My Lords, following the publication of statutory guidance in November 2021, all schools in England should already have reviewed their uniform policy and made changes to ensure their uniforms are affordable for parents. The Cost of School Uniforms guidance came into force in September 2022. It requires schools to ensure their uniform costs are affordable and that parents get the best value for money. Schools should be fully compliant with the guidance by September 2023.
I thank the Minister for her Answer and the statutory guidance being put in place. But the Government have never been clear about how they are going to assess the success of the guidance. Has it reduced costs for parents? Are schools complying with it? Are stronger policies such as the ones we have in place in Wales needed? Can the Minister please tell us whether there are any plans to review its implementation?
In terms of complying with the guidance, which is obviously statutory, any concerns that a parent might have about a school’s uniform policy need to be raised with the school in the first instance through its complaints process. If the parent is then unhappy with the outcome of their complaint, they can, of course, raise it with the department.
I absolutely understand that families face a cost of living crisis, which is why the Government provided £94 billion of support for households with those higher costs across 2022-23 and 2023-24. On how we ensure compliance, I can only repeat what I said to the noble Baroness.
My Lords, in my long experience in education, schools are very much alive to the needs of their youngsters, particularly with regard to school uniforms. Does the Minister agree with me that the real problem here is that the noble Baroness is asking for a national government edict on school uniform? Surely this should be a matter for local education authorities, whose roles and responsibilities have been weakened and reduced over many years.
The Government believe that it should be even more local than that. I agree with the first part of the noble Baroness’s question: schools absolutely know their communities. We very much encourage schools to work with their parent bodies to establish their school uniform policies and to work out what suits them.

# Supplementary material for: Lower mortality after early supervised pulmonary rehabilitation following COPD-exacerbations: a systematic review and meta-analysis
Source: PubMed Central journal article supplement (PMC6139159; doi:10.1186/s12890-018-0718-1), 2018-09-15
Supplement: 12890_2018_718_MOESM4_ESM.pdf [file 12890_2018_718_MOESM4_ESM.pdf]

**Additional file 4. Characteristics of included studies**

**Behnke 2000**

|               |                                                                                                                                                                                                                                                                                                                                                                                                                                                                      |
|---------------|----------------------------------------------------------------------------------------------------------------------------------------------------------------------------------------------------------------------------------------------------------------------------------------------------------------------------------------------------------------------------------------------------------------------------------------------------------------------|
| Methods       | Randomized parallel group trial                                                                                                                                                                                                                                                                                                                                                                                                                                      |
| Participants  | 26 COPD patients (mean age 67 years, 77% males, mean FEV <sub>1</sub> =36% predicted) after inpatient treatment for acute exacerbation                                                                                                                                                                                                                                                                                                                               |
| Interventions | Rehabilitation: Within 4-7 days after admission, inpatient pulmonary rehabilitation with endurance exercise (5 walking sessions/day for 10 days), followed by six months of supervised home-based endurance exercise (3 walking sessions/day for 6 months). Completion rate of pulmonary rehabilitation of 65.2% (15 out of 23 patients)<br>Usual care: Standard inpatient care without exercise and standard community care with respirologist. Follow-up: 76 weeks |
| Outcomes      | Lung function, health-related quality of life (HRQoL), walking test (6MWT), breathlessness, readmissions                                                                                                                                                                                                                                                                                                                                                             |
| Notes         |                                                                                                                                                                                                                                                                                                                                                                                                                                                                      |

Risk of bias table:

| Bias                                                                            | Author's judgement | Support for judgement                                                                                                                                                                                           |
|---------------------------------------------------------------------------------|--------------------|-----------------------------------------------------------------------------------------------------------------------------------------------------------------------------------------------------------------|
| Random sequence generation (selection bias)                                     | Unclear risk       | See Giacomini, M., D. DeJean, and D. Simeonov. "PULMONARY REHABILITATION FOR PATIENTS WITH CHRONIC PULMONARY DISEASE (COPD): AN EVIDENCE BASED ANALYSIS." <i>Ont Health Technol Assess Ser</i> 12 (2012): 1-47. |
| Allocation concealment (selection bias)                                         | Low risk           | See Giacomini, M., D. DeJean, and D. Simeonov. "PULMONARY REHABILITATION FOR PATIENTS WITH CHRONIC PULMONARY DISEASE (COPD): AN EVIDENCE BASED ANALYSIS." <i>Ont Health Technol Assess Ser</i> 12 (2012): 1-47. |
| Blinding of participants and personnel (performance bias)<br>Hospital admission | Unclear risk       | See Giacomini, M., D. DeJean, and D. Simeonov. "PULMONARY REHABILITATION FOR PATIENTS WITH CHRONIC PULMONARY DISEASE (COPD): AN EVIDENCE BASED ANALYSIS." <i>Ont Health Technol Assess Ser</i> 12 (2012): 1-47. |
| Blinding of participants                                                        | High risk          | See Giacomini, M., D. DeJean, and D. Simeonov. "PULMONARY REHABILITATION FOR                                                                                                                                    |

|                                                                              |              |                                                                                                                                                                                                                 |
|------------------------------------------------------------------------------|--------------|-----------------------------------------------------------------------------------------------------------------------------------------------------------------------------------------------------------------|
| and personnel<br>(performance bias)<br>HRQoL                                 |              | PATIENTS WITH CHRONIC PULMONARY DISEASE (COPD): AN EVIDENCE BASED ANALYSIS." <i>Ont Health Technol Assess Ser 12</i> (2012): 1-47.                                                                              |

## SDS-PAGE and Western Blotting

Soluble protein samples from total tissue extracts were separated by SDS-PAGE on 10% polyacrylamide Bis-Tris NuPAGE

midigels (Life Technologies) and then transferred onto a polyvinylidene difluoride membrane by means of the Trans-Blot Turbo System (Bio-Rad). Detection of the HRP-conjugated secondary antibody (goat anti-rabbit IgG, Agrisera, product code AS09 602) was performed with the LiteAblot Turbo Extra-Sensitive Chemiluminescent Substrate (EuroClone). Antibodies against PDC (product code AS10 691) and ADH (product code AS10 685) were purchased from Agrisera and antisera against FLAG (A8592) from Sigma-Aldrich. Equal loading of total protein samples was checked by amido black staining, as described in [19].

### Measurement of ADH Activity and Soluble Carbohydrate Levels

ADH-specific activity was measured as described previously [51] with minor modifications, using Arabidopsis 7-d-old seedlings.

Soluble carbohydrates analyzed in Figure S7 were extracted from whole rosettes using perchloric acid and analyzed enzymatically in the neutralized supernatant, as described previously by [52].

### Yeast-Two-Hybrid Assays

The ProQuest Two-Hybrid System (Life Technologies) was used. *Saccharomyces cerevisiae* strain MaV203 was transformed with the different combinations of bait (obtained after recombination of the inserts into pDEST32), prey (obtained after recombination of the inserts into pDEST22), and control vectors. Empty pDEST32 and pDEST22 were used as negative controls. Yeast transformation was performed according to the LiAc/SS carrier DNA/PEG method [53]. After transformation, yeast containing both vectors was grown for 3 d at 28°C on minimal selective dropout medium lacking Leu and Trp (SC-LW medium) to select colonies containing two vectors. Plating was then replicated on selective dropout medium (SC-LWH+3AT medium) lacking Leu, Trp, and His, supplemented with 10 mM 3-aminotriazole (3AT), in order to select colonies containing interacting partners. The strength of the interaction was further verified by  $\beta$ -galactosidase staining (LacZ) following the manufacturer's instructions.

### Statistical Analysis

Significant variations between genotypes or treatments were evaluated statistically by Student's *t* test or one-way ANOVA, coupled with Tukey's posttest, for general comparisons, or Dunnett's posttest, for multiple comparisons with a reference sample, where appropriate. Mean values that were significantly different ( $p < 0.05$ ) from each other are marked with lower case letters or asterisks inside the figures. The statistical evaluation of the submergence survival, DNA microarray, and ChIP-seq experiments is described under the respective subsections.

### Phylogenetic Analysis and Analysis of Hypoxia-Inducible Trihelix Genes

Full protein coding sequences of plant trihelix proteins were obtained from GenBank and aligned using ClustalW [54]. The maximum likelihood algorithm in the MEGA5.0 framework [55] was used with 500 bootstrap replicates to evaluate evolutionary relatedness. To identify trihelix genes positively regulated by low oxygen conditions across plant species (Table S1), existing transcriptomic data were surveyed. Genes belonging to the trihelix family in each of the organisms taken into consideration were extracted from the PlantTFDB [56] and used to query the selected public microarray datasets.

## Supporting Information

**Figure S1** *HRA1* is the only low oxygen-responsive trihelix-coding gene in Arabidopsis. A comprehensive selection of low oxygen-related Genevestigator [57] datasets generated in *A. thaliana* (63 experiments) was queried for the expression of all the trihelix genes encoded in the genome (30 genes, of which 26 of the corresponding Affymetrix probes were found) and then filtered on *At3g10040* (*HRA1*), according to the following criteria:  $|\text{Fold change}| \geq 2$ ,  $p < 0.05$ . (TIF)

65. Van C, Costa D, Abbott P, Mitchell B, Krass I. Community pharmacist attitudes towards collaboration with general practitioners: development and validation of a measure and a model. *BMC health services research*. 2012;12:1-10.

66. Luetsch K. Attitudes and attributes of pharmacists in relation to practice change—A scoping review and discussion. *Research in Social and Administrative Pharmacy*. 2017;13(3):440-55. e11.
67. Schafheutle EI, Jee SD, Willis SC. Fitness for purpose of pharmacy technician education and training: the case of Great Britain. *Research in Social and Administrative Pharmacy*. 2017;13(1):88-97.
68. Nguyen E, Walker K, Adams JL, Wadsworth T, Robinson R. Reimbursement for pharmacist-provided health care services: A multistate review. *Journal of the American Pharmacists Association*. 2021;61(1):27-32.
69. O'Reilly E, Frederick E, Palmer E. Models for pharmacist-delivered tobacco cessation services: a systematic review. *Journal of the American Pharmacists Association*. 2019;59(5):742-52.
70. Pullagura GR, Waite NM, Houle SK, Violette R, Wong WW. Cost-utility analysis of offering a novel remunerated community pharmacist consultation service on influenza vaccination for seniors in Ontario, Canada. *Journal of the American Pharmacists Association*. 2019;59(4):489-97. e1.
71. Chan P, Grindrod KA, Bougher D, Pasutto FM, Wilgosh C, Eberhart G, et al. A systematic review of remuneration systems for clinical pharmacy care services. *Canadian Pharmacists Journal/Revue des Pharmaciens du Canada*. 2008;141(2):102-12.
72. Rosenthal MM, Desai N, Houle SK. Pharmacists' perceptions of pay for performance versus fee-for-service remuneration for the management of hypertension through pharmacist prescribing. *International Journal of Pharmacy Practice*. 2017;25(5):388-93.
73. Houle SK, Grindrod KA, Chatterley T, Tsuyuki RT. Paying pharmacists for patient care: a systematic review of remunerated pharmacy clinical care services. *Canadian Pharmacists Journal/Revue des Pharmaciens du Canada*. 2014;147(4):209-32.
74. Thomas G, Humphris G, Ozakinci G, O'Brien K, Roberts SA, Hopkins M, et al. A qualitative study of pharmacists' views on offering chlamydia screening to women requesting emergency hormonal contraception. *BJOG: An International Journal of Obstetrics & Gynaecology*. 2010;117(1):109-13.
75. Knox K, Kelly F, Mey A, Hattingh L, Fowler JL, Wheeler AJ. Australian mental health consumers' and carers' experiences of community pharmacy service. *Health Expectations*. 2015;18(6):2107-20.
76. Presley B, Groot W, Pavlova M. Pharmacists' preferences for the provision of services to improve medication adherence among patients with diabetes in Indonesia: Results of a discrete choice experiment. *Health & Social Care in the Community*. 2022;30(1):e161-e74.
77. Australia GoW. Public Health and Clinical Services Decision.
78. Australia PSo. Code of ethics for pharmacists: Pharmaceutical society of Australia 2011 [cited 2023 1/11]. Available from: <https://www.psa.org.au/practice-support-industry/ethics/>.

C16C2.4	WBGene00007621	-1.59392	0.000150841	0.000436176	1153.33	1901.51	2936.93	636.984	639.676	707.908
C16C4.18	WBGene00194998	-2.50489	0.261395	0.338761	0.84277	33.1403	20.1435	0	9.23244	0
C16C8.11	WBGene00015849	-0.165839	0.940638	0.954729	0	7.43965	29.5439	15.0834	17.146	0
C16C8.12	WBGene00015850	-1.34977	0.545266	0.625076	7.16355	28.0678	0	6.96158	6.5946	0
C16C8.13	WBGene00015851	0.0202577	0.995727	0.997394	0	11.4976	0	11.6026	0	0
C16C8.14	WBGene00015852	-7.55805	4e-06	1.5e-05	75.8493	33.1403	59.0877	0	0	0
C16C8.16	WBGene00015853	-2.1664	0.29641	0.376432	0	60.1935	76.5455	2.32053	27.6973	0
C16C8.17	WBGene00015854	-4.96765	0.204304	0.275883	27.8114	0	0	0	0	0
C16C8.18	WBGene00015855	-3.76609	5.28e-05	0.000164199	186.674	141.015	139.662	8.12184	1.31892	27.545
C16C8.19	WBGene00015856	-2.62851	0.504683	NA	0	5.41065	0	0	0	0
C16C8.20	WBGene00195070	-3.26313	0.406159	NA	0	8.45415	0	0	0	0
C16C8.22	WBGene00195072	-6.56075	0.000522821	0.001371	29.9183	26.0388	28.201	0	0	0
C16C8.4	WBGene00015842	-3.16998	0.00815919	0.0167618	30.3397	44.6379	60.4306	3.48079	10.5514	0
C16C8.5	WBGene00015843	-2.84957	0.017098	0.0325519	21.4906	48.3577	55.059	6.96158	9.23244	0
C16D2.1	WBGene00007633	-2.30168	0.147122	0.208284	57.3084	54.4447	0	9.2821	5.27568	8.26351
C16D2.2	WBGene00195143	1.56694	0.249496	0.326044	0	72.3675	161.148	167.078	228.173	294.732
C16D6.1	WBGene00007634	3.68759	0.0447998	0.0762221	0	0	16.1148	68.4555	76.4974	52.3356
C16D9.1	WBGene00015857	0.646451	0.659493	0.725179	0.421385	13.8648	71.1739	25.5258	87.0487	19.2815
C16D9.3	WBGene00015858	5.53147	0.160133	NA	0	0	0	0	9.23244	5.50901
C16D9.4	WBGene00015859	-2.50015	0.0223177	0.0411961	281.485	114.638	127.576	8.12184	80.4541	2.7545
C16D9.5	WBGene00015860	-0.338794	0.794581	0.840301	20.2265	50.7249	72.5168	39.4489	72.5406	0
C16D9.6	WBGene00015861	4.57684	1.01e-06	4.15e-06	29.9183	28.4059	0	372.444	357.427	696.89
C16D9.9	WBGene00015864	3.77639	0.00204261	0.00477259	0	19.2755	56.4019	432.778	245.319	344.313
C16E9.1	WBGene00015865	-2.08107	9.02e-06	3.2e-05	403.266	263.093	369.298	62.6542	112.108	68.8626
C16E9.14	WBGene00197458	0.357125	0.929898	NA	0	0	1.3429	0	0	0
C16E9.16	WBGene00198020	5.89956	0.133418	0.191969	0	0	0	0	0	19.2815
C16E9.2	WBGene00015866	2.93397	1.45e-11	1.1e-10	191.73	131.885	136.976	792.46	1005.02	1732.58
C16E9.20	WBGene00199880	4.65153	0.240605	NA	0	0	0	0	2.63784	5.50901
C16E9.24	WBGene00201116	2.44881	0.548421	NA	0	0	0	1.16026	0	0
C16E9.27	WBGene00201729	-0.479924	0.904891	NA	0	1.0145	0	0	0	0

Does my noble friend agree that it is important to allow children to have a sense of identity and belonging, with which uniforms help very much? What is being done to encourage schools that have a recycling policy? That is terribly important and can significantly reduce the cost.
I agree with my noble friend’s first point, but we are encouraging schools to identify elements of their branded uniform that are low cost, finding their identity through a tie, perhaps, rather than a blazer. Our guidance is clear about promoting second-hand uniforms, which many students prefer because of the environmental impact.
My Lords, given that many forecast an extremely hot summer, with heatwaves, and given that our uniforms were designed for another age in many cases, will the Minister encourage others to follow the lead of Hampshire County Council—which suggested that schools should adapt uniform rules and consider adapting start and finish times, and outside activities—to acknowledge the threat presented by our rising temperature levels?
My Lords, in her response to the noble Lord, Lord Cormack, the noble Baroness mentioned environmental sustainability. Will she accept that the cheapest clothes available, not just for school uniforms but in many other situations, are on the whole made from the least environmentally sustainable fabrics? Will she accept that, if there is to be an increase in recycling and reusing school uniforms—which I think we all agree would be very good—it would be very much in everyone’s interests if they were made from the highest-quality fabrics? They would then last longer in the recycling process.